The wife hath not power of her own body, but the husband; and likewise also the husband hath not power of his own body, but the wife (1 Corinthians 7:4 KJV).
Paul’s teaching in 1 Corinthians 7:4 sounds harsh in most English translations and it is frequently misunderstood. Sometimes this verse is even used to coerce and “guilt” a reluctant spouse into having sex, but this was never Paul’s intention.
It is noteworthy that Paul’s instructions throughout chapter 7 are framed by the concept of mutuality: wives and husbands, women and men, have identical instructions and are to live by the same standards. There are no double standards here or any hint of a gender hierarchy. One-sided power plays have no part in Christian relationships, including marriage.
So what did Paul mean in 1 Corinthians 7:4?
The Greek word for “have authority” in 1 Corinthians 7:4
One impediment to understanding this verse is having a limited understanding of the verb meaning “have power/ authority” (Greek: exousiazō). This verb occurs only four times in the New Testament. The related noun exousia is a more common word and occurs over 100 times in the NT, 10 times in First Corinthians. So we have a good idea of its range of nuances.
Exousia is usually translated as “right” or “authority,” but it can have a sense of “freedom” or “liberty.” I liken the meaning of exousia to having a driver’s license. When you have a driver’s license you have the authority, the right, and the freedom to drive a vehicle on public roads. The context of 1 Corinthians 7:4 is not about driving a car, however; it is about something deeply personal, sex in marriage.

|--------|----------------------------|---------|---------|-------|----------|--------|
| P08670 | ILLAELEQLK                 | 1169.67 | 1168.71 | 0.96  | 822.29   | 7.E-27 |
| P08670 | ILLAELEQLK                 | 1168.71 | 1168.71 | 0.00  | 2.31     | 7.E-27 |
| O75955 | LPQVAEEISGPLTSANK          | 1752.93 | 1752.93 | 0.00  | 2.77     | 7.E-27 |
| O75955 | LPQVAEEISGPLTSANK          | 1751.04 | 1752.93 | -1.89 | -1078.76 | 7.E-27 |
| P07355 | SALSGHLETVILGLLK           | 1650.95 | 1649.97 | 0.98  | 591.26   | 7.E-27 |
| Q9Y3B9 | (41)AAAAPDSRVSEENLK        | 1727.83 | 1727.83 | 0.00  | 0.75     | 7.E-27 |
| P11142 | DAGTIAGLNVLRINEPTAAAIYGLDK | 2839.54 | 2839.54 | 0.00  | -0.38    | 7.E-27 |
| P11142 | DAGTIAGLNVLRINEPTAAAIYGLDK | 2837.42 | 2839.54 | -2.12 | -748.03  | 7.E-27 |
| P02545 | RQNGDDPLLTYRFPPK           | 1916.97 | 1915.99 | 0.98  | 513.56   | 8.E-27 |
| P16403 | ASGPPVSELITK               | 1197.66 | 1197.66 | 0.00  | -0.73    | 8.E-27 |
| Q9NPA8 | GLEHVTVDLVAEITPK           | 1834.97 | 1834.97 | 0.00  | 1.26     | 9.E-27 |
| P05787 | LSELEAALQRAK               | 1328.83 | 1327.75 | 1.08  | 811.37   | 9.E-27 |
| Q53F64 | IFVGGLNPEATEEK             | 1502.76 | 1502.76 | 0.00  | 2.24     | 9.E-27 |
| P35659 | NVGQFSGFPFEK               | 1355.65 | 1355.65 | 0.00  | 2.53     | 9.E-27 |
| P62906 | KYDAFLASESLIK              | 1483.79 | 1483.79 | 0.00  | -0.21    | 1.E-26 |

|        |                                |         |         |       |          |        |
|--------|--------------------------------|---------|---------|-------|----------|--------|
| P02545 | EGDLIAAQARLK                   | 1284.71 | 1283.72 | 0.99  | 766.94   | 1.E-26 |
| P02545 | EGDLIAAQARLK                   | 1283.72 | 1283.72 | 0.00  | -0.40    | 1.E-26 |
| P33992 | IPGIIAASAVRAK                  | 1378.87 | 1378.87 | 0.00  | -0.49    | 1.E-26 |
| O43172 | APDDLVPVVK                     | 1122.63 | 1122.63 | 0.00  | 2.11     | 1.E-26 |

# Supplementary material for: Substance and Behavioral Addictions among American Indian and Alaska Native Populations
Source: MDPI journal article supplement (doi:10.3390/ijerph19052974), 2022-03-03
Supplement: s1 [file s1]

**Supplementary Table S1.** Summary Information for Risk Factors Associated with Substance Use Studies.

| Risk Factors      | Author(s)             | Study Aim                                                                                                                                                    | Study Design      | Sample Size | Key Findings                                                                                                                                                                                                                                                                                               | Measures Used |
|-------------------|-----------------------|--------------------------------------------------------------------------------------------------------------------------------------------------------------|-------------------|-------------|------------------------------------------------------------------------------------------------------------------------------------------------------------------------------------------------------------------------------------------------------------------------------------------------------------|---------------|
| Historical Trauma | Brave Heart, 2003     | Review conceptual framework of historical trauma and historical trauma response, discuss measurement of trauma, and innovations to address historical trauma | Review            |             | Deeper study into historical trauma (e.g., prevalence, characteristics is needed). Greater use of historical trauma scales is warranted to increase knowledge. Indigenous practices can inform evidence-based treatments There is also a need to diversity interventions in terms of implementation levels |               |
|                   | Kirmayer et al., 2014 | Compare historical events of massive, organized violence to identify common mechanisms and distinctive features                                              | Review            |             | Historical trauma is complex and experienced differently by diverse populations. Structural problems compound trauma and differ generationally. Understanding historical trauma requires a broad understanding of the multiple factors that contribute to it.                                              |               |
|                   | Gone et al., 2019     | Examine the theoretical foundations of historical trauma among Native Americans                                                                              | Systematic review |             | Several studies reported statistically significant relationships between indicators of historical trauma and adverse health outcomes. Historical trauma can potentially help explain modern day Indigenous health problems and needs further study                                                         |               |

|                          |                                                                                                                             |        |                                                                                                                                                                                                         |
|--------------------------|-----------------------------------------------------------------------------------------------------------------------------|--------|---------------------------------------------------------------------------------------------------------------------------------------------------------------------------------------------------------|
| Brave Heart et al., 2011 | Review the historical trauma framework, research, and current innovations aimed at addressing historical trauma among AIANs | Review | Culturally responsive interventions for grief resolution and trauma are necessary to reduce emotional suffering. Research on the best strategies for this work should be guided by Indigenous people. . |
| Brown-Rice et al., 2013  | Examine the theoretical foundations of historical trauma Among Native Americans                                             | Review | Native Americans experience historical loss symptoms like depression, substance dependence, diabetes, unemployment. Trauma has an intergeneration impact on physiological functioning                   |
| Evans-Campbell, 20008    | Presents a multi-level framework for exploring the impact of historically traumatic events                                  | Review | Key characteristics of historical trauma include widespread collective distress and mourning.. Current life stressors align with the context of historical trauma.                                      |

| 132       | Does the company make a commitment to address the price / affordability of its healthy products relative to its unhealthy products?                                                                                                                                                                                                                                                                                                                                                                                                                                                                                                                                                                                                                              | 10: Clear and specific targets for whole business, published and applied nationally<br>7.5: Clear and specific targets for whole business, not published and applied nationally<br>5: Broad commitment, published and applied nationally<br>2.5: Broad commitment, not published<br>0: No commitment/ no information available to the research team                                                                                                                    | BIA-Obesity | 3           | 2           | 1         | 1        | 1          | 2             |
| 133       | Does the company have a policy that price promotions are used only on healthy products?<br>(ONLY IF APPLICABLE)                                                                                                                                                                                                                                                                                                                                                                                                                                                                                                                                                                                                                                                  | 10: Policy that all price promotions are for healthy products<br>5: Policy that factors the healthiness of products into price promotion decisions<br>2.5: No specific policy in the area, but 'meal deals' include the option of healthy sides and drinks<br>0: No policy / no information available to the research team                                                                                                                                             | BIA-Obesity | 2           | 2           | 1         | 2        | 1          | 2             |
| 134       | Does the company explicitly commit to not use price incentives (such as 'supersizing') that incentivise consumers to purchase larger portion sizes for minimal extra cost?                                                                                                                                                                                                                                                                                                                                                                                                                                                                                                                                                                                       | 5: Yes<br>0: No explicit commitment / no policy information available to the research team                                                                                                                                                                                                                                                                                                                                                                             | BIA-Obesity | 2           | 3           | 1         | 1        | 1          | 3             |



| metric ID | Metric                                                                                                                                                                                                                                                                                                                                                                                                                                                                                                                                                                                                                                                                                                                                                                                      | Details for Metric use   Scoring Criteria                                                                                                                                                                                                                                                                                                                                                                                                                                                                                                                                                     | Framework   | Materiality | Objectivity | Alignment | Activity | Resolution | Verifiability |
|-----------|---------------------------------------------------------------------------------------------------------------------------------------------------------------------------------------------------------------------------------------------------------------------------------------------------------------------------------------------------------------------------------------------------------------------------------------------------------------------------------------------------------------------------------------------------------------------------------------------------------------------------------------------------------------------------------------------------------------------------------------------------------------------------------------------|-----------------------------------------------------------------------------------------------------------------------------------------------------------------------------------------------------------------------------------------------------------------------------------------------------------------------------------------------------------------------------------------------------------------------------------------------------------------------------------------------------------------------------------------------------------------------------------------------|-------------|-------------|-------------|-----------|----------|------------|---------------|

Another impediment to understanding Paul’s meaning and intention is the unnecessary addition of the word “over” in most English translations of this verse. There is no word for “over” in the Greek text. (I chose to use the very literal KJV translation at the top of this post because it does not include the word “over.”)
The contexts of celibacy and fidelity in 1 Corinthians 7:4
As well as understanding the words, we need to understand the context of 1 Corinthians 7:4. The overall context of the first seven verses of 1 Corinthians chapter 7 is Paul’s concern about the unwise practice of celibacy within some marriages in the Corinthian church. He did not believe celibacy was sustainable for most couples and was concerned that it might lead to infidelity in a society where sexual immorality was rife.
Writing about 1 Corinthians 7, Gordon D. Fee cautions,
… one must remember that the original intent of the passage was not to establish canon law but to address a specific situation in Corinth—their apparent rejection of marriage on ascetic grounds. The text needs to be heard in its own historical context before it is applied to broader contexts.
An interpretation of 1 Corinthians 7:4
So, pulling these bits of information together, how are we to understand 1 Corinthians 7:4?